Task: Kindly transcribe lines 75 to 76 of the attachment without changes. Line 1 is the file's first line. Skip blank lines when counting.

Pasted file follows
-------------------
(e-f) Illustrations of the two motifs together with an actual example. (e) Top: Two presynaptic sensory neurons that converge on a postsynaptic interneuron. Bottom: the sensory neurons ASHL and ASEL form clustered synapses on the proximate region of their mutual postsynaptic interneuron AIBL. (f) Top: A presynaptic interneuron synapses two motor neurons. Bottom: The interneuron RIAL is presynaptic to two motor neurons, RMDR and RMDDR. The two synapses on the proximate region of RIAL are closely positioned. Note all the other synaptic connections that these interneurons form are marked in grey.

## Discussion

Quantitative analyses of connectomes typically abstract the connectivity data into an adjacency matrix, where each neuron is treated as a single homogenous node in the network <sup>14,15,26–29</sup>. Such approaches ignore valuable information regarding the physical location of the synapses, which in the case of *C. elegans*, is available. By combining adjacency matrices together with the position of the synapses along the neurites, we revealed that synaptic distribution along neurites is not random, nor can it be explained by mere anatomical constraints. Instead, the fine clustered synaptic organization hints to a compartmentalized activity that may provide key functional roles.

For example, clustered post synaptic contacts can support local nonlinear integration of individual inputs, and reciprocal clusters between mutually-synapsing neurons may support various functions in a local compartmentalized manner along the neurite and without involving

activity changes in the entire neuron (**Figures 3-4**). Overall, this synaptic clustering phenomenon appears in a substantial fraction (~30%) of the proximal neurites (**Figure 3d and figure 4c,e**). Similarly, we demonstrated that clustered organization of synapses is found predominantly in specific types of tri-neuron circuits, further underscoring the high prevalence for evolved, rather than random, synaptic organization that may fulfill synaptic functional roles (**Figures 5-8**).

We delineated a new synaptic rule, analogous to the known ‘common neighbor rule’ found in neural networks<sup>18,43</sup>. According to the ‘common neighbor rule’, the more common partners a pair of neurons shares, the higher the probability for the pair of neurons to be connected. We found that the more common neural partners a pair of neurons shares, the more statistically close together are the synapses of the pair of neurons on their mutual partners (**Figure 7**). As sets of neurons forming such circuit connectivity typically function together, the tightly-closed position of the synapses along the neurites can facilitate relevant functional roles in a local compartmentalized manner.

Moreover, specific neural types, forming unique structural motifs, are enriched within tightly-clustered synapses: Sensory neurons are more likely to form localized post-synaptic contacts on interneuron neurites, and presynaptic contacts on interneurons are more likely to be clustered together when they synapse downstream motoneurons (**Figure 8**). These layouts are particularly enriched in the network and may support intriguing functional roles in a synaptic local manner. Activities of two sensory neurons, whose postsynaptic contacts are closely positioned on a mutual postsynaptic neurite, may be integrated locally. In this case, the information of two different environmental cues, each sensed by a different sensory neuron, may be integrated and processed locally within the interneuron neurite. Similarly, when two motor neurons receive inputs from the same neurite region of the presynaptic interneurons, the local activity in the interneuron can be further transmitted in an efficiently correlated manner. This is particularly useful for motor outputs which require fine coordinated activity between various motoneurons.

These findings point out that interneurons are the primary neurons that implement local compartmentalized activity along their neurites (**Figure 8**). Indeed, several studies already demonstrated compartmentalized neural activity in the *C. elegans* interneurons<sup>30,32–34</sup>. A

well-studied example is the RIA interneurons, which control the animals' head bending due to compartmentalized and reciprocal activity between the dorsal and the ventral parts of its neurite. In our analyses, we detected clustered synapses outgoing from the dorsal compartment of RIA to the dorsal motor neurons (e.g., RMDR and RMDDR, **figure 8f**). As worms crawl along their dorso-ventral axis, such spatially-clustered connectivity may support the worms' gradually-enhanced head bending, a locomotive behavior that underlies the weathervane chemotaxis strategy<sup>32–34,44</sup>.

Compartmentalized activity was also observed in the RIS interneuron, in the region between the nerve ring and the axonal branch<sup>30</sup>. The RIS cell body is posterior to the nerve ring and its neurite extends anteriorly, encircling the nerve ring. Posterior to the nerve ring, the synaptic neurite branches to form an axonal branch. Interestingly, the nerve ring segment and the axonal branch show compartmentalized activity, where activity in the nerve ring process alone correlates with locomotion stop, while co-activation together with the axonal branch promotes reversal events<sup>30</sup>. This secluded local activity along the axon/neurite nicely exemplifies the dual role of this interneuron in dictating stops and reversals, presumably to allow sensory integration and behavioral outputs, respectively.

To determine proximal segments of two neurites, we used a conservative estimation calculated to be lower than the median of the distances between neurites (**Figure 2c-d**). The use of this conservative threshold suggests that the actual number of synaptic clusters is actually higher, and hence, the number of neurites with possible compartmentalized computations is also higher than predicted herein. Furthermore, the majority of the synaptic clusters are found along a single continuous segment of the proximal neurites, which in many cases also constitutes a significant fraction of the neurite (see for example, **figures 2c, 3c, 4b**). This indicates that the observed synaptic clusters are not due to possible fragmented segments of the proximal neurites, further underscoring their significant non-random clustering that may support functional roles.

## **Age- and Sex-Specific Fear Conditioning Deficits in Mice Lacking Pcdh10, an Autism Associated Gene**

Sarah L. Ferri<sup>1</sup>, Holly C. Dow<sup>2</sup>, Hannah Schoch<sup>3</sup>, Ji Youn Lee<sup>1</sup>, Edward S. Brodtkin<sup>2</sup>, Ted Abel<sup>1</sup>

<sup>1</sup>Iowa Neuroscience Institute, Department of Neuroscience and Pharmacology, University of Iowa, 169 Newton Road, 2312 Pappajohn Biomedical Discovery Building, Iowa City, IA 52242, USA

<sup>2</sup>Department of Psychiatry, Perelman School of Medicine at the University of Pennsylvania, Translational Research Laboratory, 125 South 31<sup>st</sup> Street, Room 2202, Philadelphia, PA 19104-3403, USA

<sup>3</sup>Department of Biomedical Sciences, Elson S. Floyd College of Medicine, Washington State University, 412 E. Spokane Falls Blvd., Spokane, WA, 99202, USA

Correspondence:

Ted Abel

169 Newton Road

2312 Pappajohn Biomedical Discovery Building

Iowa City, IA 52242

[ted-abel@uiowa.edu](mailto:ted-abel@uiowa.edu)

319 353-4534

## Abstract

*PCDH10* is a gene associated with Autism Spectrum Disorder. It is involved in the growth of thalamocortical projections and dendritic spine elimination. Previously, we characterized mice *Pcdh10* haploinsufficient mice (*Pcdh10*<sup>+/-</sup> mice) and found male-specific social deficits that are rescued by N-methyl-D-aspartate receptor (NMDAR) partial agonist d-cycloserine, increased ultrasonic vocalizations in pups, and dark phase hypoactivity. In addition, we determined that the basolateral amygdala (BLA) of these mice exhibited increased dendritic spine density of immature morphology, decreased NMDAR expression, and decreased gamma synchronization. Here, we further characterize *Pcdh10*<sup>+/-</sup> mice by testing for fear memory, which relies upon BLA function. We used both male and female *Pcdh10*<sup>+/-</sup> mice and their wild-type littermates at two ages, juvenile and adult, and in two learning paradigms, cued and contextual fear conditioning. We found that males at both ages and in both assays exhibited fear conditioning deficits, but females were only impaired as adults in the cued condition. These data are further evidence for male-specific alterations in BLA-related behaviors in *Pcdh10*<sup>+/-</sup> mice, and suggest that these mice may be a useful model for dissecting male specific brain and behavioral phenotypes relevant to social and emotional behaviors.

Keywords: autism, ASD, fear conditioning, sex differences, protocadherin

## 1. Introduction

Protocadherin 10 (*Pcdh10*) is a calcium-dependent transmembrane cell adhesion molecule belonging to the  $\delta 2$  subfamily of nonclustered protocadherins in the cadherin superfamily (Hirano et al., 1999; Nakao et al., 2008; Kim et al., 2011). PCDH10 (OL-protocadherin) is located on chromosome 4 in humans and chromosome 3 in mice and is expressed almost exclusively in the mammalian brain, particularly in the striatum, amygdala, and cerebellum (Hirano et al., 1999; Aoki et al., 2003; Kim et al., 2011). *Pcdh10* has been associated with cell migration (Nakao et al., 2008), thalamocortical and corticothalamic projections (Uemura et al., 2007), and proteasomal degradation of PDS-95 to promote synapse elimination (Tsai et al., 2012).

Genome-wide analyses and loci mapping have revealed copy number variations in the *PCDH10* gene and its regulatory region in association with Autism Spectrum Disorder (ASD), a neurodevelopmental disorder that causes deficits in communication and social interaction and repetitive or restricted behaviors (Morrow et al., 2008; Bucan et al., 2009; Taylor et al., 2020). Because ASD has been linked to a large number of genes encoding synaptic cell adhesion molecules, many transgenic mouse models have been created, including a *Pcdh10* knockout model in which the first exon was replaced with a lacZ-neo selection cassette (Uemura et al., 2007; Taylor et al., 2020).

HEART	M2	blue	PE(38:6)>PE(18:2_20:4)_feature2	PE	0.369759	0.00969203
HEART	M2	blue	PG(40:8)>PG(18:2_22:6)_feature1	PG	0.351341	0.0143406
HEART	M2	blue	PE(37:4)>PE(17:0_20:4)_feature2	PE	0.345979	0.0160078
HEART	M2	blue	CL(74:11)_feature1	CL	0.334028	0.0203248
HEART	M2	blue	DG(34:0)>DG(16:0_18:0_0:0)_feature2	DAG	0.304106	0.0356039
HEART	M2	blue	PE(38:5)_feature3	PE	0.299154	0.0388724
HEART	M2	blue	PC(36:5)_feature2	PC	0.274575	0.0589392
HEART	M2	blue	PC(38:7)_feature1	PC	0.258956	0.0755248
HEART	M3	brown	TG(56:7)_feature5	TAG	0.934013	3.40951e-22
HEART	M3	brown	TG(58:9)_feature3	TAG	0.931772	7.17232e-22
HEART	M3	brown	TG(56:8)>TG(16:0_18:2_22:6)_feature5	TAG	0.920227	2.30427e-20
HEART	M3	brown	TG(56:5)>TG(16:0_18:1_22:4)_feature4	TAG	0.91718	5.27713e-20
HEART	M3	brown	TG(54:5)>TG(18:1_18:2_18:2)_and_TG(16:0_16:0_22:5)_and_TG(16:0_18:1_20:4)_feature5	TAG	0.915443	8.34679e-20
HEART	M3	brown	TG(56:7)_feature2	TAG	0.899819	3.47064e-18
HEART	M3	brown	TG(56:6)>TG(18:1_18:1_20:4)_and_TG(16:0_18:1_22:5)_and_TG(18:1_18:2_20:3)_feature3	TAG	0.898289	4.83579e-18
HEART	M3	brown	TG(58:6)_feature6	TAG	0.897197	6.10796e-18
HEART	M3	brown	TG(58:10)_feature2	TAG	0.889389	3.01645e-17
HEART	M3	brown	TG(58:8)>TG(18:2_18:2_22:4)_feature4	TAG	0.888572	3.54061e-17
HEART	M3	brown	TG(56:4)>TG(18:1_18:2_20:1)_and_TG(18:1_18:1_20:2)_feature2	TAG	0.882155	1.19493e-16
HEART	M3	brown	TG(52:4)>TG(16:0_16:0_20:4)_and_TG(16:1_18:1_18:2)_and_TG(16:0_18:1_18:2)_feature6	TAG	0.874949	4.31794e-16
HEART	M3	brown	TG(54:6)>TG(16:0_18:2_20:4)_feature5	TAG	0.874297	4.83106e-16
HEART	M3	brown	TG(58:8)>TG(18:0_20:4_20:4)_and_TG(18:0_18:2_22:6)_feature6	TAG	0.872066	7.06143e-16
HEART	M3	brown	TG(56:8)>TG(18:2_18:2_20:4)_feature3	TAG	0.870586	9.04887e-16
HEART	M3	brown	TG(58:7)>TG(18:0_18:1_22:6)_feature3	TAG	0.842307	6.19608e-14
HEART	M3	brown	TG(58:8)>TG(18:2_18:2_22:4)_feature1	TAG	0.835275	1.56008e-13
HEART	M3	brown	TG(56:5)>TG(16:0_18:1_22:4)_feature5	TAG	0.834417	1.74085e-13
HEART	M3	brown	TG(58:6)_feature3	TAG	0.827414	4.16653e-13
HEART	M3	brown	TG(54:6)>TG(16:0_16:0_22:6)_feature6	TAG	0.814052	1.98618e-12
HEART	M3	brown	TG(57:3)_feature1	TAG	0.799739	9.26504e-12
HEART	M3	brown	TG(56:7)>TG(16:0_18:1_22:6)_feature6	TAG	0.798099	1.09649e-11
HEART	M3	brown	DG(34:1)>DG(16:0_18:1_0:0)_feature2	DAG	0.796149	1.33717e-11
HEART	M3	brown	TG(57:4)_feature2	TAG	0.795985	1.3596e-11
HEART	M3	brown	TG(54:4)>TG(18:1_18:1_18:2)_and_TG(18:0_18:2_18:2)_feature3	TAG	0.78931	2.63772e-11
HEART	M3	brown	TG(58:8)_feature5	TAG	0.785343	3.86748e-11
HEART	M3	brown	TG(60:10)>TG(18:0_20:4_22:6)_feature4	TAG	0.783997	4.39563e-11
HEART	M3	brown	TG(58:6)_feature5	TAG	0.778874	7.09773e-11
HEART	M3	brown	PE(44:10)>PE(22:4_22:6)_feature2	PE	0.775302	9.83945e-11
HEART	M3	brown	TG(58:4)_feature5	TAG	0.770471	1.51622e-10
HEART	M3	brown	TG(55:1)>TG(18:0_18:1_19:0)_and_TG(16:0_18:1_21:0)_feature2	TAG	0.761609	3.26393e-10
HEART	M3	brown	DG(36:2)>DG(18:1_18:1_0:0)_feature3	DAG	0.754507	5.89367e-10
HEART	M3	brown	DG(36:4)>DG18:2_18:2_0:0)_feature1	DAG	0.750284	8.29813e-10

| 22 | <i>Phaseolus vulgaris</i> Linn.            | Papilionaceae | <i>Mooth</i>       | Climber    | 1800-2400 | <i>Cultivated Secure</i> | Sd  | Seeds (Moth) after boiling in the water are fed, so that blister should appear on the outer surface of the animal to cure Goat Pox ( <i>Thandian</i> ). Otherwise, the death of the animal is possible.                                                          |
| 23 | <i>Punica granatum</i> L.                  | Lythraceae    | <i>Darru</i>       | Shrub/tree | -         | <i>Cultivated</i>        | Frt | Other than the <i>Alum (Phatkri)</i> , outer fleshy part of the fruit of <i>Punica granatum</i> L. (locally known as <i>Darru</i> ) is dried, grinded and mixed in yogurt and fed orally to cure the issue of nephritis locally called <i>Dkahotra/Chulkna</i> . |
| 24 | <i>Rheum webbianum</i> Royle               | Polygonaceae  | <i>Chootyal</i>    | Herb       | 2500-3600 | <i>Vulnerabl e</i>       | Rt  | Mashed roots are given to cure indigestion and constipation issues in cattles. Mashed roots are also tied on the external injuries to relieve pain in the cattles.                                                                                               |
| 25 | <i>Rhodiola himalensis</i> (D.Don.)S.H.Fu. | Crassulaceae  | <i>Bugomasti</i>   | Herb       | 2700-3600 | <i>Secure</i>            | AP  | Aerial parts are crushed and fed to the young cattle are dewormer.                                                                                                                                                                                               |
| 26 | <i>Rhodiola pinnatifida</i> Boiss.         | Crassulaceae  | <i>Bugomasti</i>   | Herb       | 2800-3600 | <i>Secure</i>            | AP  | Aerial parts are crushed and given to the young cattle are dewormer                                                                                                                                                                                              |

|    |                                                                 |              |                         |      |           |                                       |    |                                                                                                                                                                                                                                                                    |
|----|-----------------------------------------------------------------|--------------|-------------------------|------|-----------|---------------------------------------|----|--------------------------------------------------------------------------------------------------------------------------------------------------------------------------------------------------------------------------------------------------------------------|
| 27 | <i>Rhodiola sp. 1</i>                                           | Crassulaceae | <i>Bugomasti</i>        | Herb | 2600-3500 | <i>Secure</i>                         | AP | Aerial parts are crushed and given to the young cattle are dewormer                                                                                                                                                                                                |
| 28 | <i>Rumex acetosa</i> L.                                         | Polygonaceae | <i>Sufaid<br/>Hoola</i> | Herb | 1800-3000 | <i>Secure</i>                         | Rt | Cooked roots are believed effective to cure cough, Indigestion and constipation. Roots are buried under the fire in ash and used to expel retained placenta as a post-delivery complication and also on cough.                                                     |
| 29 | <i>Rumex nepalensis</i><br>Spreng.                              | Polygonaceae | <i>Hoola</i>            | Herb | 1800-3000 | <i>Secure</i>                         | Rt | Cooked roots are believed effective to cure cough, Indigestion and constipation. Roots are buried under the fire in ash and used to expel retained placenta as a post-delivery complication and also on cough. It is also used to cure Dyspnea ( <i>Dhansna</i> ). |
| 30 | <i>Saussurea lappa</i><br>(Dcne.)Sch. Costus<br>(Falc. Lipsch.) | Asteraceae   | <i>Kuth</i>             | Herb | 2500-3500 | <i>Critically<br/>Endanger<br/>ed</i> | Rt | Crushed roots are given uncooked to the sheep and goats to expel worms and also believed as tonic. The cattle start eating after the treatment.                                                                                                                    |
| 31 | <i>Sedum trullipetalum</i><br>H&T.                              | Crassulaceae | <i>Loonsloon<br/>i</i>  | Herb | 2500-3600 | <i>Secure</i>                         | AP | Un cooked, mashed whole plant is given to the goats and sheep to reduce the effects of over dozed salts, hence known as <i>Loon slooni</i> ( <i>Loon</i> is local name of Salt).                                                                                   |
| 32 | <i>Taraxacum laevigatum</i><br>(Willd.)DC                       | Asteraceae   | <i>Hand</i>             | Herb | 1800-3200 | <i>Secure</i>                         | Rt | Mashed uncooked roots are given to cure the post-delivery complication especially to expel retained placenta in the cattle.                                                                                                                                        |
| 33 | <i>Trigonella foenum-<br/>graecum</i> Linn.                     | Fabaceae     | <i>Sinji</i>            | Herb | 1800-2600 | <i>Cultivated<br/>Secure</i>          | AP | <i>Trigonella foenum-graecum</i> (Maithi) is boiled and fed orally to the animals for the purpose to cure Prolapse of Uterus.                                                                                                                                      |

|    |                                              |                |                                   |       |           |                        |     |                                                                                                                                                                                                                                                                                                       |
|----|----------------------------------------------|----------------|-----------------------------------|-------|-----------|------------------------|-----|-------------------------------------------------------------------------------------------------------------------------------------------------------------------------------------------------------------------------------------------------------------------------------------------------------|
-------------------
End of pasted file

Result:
| 26 | <i>Rhodiola pinnatifida</i> Boiss.         | Crassulaceae  | <i>Bugomasti</i>   | Herb       | 2800-3600 | <i>Secure</i>            | AP  | Aerial parts are crushed and given to the young cattle are dewormer                                                                                                                                                                                              |

|    |                                                                 |              |                         |      |           |                                       |    |                                                                                                                                                                                                                                                                    |